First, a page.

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I have heard that using OCPS (aka BCPS) can cause over suppression and cause my ovaries not to respond. Why do you use OCPS for some women?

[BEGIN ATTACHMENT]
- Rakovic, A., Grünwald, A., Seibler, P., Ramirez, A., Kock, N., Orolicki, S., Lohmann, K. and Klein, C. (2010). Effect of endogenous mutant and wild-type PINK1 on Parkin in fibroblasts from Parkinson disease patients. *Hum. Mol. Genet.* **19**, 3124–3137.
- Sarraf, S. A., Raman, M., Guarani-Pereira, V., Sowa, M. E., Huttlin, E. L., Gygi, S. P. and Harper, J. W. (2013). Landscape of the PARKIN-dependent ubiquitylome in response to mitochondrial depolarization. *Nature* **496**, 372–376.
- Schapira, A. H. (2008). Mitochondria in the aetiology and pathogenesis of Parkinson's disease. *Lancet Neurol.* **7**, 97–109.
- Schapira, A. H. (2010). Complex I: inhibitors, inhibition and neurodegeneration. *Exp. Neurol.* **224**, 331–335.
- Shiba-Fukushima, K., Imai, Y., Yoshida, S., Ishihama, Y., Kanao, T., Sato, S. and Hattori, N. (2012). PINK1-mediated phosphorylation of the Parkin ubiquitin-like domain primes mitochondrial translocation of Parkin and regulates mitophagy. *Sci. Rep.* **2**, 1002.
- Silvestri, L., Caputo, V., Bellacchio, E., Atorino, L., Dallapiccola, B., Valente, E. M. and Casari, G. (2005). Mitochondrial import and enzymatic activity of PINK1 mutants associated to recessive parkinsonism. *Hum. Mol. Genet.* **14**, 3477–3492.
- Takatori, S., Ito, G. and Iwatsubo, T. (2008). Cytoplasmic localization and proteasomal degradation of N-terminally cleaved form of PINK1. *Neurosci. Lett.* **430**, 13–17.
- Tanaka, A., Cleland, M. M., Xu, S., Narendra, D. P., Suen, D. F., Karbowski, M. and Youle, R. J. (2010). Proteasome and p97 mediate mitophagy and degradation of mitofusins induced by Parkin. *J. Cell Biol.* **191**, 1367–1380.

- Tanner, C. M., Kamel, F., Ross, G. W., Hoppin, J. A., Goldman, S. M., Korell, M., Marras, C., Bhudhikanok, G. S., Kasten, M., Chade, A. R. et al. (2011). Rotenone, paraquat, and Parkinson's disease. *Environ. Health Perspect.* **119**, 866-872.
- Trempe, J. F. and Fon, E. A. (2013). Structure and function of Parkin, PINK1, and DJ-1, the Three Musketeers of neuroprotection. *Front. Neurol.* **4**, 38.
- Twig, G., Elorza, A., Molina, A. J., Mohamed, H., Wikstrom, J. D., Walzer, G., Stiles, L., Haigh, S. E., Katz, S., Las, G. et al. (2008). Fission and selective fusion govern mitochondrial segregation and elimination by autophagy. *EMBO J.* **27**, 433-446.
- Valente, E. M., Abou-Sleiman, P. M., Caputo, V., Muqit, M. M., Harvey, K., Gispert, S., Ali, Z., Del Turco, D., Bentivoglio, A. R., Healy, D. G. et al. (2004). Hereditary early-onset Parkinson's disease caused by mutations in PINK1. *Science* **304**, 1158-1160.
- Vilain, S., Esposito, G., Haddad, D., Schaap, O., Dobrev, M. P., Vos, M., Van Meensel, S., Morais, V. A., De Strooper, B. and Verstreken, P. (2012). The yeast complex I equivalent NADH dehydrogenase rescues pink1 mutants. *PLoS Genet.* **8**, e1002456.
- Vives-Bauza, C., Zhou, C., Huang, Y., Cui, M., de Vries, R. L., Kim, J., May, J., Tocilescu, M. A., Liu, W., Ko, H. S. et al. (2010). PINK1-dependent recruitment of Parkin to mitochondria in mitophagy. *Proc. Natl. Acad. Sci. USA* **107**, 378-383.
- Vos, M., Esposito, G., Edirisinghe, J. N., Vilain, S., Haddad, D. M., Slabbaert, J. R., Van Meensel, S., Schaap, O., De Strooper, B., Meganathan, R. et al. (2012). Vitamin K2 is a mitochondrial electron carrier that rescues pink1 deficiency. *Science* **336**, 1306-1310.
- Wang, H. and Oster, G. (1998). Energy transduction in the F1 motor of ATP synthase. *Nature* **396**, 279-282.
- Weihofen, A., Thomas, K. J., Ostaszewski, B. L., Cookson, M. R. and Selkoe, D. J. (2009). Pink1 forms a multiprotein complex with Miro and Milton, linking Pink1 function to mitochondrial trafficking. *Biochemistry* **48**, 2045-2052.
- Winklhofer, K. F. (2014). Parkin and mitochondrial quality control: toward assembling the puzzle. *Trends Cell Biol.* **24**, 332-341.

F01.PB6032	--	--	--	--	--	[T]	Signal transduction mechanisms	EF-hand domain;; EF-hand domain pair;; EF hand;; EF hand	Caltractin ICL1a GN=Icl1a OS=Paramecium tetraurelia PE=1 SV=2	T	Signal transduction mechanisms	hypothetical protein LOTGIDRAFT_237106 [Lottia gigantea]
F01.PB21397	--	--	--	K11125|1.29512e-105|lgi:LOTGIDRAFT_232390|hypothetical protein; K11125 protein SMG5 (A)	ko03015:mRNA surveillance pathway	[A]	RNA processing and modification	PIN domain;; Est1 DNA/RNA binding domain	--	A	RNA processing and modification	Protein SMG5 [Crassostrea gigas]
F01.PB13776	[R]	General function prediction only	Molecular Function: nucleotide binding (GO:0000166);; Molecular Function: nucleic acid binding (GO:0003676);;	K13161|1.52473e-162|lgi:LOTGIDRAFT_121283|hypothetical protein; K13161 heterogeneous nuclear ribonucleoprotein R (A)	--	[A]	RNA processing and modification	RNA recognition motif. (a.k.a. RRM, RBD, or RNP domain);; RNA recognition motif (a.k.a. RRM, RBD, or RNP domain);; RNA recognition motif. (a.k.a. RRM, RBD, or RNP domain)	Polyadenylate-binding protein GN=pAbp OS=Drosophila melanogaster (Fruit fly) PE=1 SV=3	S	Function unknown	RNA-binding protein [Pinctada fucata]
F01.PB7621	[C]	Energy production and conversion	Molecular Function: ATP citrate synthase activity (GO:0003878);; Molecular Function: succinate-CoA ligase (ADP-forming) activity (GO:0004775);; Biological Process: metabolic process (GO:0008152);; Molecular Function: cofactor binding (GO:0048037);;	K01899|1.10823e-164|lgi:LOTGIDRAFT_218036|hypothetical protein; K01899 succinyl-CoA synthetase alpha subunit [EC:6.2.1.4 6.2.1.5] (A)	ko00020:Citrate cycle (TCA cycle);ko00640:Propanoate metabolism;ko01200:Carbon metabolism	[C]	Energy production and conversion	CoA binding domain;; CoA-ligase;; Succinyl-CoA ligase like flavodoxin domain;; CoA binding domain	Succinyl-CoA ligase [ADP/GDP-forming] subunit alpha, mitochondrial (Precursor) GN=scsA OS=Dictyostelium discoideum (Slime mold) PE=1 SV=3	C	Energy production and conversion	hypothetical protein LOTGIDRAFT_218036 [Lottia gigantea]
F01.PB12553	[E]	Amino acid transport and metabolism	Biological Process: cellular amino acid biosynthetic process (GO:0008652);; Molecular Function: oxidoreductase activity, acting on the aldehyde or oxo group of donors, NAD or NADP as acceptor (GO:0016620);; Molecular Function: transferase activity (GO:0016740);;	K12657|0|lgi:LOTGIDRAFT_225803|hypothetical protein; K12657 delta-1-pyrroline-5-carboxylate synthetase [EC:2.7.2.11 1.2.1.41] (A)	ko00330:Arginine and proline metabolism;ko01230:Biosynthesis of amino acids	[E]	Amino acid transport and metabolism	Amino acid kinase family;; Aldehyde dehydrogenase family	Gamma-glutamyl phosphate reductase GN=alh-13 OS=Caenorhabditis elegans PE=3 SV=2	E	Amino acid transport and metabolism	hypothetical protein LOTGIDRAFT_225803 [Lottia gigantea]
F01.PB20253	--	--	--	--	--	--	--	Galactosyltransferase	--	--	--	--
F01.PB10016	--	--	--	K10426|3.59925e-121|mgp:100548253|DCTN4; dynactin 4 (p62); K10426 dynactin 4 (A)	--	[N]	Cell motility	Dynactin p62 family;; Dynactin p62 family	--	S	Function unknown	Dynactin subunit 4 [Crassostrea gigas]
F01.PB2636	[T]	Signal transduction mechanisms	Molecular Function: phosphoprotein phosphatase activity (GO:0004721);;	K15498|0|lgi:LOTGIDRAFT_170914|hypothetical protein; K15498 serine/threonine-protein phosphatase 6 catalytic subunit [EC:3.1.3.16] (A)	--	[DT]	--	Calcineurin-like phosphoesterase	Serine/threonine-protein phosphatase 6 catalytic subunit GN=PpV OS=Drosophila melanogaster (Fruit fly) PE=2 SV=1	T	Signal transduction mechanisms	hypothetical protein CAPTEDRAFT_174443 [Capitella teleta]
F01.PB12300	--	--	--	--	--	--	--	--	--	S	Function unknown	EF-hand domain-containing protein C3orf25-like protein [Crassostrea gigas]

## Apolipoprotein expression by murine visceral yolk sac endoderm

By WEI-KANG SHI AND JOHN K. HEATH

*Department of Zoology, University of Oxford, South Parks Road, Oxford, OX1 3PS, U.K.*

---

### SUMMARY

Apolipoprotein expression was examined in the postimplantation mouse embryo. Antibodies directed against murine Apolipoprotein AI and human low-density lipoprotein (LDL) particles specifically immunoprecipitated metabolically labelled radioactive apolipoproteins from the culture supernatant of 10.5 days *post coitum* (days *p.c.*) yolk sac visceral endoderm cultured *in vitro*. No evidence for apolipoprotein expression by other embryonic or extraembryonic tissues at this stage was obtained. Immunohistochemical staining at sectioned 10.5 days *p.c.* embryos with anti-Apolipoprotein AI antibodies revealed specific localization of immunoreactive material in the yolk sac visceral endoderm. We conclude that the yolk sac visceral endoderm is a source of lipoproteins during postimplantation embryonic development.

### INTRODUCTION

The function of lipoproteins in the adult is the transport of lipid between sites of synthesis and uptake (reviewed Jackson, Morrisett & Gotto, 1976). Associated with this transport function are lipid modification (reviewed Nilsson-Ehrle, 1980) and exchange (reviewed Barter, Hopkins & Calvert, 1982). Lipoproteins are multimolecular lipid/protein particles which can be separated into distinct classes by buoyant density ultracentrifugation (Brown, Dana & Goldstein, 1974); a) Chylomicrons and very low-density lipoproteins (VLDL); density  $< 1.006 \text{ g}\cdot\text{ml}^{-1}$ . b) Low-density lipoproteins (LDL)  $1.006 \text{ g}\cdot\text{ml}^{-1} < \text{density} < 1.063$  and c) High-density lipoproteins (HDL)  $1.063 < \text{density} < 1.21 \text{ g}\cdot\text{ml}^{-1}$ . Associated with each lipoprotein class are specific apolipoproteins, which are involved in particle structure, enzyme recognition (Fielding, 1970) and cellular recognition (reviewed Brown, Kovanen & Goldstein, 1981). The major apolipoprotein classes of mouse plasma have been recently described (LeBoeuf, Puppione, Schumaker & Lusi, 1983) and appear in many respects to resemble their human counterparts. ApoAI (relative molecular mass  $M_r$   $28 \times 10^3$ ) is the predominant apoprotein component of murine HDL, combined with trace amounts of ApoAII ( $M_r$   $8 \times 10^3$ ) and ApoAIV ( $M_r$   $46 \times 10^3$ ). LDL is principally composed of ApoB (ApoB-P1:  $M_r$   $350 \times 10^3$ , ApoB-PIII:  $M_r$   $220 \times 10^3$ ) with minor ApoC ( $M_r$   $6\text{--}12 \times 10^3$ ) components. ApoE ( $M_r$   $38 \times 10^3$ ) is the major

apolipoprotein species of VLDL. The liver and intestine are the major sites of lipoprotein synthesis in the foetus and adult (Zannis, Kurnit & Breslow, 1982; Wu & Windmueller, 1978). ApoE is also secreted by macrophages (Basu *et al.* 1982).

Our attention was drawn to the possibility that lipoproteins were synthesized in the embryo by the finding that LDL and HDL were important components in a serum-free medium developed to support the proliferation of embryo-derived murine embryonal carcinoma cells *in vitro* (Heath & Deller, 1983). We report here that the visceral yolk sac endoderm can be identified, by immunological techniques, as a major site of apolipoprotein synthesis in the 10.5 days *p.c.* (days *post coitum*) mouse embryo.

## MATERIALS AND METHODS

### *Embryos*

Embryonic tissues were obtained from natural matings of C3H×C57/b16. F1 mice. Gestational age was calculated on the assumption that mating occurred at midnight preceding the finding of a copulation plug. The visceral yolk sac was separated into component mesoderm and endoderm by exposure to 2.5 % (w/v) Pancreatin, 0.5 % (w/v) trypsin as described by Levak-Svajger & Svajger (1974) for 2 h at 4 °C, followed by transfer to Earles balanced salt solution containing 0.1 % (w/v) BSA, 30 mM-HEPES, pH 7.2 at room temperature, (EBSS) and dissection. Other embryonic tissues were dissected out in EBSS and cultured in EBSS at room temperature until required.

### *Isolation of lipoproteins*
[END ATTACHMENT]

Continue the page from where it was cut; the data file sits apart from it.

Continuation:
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Some of our patients are given OCPs to regulate their cycles. Over suppression is not a concern, because once FSH starts to stimulate antral follicles, the follicles will grow. OCPs may just slow down the response time. Also, OCPs serve to suppress the ovaries prior to the start of a cycle, making it more likely for follicles to develop together rather than producing a dominant follicle that is ready for ovulation before the other follicles have a chance to mature. In order for an egg to develop in the ovary and then be released, several hormonal events must take place. An area of the brain called the hypothalamus is responsible for regulating the hormonal signals that start the process. The estrogen in the pill shuts off these signals from the brain that tell the ovary to develop and release an egg. Without these signals, the egg does not develop and is not available to be released (ovulated) and pregnancy cannot occur. In addition, the pill has a few other effects on your body that decrease the likelihood of pregnancy. One of the hormones in the pill, progestin, makes the mucous thicker in the cervix and tubes so that it is more difficult for sperm to pass into the uterus and more difficult for the egg to move down the tube. Also, the progestin in the pill causes changes in the uterine lining that hinder implantation of the fertilized egg. When used in fertility care, the pill’s ovarian suppression characteristics serve to “quiet” the ovaries. This is meant to allow a stimulated cycle to begin with all of the follicles at the same stage of development. Hopefully, this prevents a “lead follicle” from developing and increases the chances of having more follicles mature at the same time. BCPs do not negatively affect fertility. There is no evidence to indicate that BCPs have anything but a short-term effect on the body. If someone has been on the pill for an extended period of time, there is no reason to wait after stopping the pill in order to begin fertility treatment. In fact, it is advantageous to begin a stimulated cycle immediately after stopping the pill. Many people express concern about “over-suppression” with the pill. In some women, the pill has a more suppressive effect than in others, but the only result of this is that it may take some more time for the hormone levels to reach the point where stimulation becomes effective.

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